“8 Questions with …” is a new Gold Foundation series spotlighting members of the Gold community – doctors, nurses, healthcare professionals of all kinds, students, corporate and hospital leaders, patients, family members, Trustees, staff members, and supporters.
We are delighted to introduce you to Allison Breininger, a caregiver advocate with over 20 years experience in teaching, training, directing, coaching, and creating content in the realm of education.
Allison Breininger has been a caregiver for her husband since he was diagnosed with Fanconi Anemia more than a decade ago. She has been by his side through a bone marrow transplant and multiple cancers and has experienced firsthand that caregivers are in the negative space: vital yet overlooked and unsupported. Fueled by what she has seen, Allison founded the nonprofit The Negative Space as a way to use her experience and skills to change the way caregivers are seen and supported.
Through The Negative Space, Allison shines light on the realities of caregiving, provides direct services to caregivers and educates and equips those who support them with concrete tools and strategies. She co-hosts the In Sickness podcast, provides individual coaching to caregivers nationwide, facilitates support groups and education sessions, partners with multiple organizations to more intentionally support caregivers, and sells caregiver gift boxes.
Follow The Negative Space on Instagram @negspacelife and the In Sickness podcast at @insicknesspodcast.
How would you explain humanism in healthcare to a kid?
Lots of doctors pick a certain part of the body that they are really interested in and become specialists in that, like an eye doctor or a heart doctor or a dentist. But no matter what body part they focus on, it’s always important that they don’t just pay attention to that one part, but that they see the person as a whole human being – a person with not only lots of body parts, but also with feelings and thoughts and opinions – and that they see, pay attention to, and care for every part of each human, every time they see them.
Tell us a story about a time you felt the human connection in healthcare.
My husband is seen frequently by the Oral Surgery team, as they watch for and remove his recurring oral cancers. At one of these appointments, the fellow told us she chose her cat-covered surgery cap with us in mind because she remembered that we had a tabby cat at home. She then asked about and expressed concern over other procedures my husband had experienced since our last visit, showing that she had clearly read the chart and cared about other parts of his health. The surgeon entered, asked about our daughter by name and looked straight at me to say that she had recently been in a caregiving role and it made her think of and appreciate all that I do even more than she had before. These may all seem small, but each one showed us that these women cared about us as humans, not just as another mouth to inspect.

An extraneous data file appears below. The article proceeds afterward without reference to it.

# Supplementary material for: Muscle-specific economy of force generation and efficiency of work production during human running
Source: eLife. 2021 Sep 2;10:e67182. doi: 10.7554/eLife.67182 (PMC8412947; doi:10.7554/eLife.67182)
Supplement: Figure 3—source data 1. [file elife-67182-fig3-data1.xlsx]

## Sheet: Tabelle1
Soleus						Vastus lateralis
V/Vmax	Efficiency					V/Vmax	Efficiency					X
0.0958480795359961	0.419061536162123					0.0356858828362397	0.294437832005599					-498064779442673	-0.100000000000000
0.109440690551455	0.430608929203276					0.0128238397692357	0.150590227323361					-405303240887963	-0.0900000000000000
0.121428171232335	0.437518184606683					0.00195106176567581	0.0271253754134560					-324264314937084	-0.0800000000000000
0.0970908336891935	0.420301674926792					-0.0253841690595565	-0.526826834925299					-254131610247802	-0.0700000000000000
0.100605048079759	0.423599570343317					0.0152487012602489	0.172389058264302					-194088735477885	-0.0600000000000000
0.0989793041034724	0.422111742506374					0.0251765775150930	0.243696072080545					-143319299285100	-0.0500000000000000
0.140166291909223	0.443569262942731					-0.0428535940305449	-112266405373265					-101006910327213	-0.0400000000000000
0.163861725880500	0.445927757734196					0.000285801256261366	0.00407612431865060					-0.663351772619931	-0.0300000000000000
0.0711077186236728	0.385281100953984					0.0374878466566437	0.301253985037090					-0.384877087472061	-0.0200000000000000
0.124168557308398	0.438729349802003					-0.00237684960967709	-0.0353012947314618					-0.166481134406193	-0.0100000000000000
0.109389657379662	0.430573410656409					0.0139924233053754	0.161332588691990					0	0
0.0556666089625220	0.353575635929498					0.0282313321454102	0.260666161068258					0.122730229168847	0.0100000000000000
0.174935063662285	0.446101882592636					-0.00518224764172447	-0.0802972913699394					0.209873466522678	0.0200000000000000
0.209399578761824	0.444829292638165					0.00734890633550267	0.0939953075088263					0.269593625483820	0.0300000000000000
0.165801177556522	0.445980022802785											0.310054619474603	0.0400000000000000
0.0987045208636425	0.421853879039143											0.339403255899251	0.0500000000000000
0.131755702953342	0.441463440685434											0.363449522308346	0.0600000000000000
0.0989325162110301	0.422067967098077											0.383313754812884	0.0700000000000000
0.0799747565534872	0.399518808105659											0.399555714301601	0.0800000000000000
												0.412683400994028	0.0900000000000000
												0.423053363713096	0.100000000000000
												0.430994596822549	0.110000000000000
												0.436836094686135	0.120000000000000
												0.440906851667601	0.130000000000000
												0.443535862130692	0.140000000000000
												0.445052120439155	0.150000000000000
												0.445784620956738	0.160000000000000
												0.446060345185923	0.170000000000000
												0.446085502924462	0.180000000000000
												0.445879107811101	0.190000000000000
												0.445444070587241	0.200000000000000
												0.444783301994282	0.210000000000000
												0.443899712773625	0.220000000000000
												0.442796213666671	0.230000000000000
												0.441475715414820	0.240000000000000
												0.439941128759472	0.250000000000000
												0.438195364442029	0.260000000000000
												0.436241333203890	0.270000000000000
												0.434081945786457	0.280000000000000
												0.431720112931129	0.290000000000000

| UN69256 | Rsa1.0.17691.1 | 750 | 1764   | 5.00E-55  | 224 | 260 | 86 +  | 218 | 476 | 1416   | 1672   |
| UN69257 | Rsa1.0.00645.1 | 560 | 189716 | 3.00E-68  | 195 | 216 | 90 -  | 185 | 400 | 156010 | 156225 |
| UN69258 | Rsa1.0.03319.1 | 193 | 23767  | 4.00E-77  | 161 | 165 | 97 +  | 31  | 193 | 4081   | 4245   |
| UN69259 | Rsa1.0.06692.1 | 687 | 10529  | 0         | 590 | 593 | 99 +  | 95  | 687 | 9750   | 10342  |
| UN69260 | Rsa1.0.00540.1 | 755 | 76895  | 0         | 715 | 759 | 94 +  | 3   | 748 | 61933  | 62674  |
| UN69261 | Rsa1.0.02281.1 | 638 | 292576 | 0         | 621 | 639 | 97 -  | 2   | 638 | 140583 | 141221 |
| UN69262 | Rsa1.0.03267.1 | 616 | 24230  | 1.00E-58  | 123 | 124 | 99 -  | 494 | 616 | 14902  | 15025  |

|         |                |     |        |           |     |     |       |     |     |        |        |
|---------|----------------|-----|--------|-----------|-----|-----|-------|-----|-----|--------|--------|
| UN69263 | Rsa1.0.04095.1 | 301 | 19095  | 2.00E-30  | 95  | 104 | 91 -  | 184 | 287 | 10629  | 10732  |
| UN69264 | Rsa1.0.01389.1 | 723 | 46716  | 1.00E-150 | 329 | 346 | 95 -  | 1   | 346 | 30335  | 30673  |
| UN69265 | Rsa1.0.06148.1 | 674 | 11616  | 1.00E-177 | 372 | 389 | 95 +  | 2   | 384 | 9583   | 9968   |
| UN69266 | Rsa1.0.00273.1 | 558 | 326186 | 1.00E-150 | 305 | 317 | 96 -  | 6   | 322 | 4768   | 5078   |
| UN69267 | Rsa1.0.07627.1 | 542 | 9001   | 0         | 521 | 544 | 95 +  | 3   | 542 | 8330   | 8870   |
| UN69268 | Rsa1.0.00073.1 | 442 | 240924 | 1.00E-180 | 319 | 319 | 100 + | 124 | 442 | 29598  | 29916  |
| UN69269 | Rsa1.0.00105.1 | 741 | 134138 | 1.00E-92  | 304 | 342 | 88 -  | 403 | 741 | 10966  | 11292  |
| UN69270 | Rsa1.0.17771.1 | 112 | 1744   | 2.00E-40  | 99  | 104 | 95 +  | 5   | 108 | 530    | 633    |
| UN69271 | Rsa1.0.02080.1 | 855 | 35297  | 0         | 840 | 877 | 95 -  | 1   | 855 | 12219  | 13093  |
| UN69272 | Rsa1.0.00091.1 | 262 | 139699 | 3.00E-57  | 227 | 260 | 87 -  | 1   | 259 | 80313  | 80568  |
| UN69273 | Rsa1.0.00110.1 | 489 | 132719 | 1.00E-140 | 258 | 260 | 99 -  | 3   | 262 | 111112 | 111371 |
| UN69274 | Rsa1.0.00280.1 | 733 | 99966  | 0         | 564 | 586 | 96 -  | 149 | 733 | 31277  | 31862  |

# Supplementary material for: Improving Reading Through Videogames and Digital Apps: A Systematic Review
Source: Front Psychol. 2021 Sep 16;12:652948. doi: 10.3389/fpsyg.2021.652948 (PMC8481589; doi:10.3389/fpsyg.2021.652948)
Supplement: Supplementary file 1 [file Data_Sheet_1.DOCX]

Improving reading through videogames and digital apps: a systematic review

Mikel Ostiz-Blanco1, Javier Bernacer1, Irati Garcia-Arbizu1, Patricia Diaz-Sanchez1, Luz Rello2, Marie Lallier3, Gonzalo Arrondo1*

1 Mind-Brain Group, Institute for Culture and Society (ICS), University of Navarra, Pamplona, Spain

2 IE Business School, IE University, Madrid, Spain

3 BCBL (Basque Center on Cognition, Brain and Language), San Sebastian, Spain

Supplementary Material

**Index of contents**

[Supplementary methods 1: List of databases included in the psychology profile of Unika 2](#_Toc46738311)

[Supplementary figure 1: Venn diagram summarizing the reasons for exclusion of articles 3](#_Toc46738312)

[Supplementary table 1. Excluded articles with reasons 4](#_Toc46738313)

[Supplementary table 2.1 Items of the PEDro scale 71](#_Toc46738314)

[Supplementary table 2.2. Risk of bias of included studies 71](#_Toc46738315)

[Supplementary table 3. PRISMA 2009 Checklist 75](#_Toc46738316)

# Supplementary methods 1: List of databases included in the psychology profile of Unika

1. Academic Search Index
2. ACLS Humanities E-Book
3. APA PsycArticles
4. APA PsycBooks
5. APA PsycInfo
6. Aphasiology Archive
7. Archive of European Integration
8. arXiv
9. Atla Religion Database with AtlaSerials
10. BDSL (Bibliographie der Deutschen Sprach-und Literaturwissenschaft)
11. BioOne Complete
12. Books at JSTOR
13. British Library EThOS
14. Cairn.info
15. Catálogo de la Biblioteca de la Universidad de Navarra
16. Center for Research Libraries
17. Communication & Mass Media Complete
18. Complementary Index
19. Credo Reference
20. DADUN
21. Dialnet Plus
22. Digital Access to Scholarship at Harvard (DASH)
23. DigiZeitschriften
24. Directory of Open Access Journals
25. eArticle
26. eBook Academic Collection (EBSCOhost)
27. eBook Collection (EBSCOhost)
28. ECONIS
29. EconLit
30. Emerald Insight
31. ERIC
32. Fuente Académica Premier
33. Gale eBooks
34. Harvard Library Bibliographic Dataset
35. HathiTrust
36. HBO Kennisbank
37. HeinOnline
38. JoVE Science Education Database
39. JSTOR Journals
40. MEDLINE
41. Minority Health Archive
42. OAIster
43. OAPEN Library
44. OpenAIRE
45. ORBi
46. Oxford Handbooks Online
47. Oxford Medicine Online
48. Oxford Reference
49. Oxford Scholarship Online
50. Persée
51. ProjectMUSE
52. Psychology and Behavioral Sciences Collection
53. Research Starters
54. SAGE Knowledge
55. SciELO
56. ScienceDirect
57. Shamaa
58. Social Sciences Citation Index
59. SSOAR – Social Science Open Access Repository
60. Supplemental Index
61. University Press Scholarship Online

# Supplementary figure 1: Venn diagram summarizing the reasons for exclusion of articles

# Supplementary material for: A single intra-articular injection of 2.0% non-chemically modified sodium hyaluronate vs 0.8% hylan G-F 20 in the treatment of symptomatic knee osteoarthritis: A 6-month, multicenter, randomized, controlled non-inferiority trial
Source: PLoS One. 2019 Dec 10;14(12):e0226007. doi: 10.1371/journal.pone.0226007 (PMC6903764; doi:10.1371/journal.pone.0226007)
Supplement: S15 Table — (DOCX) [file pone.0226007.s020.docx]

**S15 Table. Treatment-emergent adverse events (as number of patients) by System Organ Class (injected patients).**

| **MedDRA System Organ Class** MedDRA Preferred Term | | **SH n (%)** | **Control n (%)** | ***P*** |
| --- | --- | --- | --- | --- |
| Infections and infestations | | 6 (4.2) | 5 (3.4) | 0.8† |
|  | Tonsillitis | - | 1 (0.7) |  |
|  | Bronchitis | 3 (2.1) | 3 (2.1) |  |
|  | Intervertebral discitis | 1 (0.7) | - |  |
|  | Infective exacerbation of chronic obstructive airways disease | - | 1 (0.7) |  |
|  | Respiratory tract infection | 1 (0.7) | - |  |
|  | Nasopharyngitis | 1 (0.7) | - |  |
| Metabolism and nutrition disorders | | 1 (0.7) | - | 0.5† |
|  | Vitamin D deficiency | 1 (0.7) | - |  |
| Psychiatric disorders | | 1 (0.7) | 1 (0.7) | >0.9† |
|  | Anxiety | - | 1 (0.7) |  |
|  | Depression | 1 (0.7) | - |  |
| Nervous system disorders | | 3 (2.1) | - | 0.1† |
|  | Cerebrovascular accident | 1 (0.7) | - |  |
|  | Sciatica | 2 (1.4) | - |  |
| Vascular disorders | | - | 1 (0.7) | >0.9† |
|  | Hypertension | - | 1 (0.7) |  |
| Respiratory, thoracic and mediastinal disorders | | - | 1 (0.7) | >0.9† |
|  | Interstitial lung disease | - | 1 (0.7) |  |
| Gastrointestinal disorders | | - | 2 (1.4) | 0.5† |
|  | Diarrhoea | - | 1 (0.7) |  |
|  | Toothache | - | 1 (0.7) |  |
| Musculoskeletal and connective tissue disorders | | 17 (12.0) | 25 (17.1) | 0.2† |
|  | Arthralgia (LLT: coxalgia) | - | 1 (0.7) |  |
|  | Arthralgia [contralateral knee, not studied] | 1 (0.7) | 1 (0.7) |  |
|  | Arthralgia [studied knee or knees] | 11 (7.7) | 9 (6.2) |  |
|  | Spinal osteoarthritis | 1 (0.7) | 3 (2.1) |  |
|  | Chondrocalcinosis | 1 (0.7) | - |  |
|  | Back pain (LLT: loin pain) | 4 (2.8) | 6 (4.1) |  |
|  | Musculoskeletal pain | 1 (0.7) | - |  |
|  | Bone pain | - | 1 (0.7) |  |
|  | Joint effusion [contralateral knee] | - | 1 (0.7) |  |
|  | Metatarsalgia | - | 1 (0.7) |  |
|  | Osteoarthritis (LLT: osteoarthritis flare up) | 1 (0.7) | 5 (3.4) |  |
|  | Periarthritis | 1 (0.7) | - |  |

What’s one small way you bring humanism into your daily life?
In my work supporting caregivers at The Negative Space, I create frequent posts for social media in which I paint the picture of what it is like to be a caregiver. By doing this, I show the world that there is so much more to being a caregiver than refilling meds and scheduling appointments. I convey that we have feelings and opinions and thoughts about all that is happening both to our loved ones and to us and that we, too, deserve to be seen, honored, and supported.
What do you think is the most urgent threat to humanism in health care?
I have experienced first-hand that medical staff are rushed, overwhelmed, and governed by insurance companies and bureaucratic policies. All of these outside forces are putting them in situations where they have less time, capacity, and autonomy to see and care for their patients as whole beings. This leaves patients feeling unheard, can cause important details to fall through the cracks, and puts more pressure on family caregivers to pick up the pieces, all of which impacts the emotional, mental, and physical well-being of patients and caregivers alike.
What’s one of your favorite feel-good songs?
I love “You Will Be Found” from the musical Dear Evan Hanson. To me, it is both an awesome sing along ballad, and a perfect theme song for the work I’m doing with caregivers. I often listen to it on days when I’m preparing to lead caregiver support groups and webinars.
What’s one of your daily ways to care for your well-being?
I end each evening with a short bedtime yoga practice and afterwards, as I lie on my mat, I think through the day and all that happened. As I do, I think about the emotions I felt as I experienced each thing. This has been a really valuable way for me to look for patterns, to process things that I may not have noticed in the moment, and to recognize the range of emotions I experience each day.
What’s one random medical fact you love?
My husband had a bone marrow transplant and his brother was his donor. I think it is so fascinating that my husband now has his brother’s blood type!
What is your happy place?
My happy place is Lake Superior on the north shore of Minnesota. I live in the Twin Cities, about two hours from the lake and try to get there whenever I can. It is so vast that being near its enormity really puts things in perspective. It also changes throughout the day and the seasons and can go from serene and sparkling to full of crashing waves. Sitting at its shore and taking it all in is like a balm for my whole being.
Learn more at The Negative Space website, and read her powerful poem, “What makes him rare.”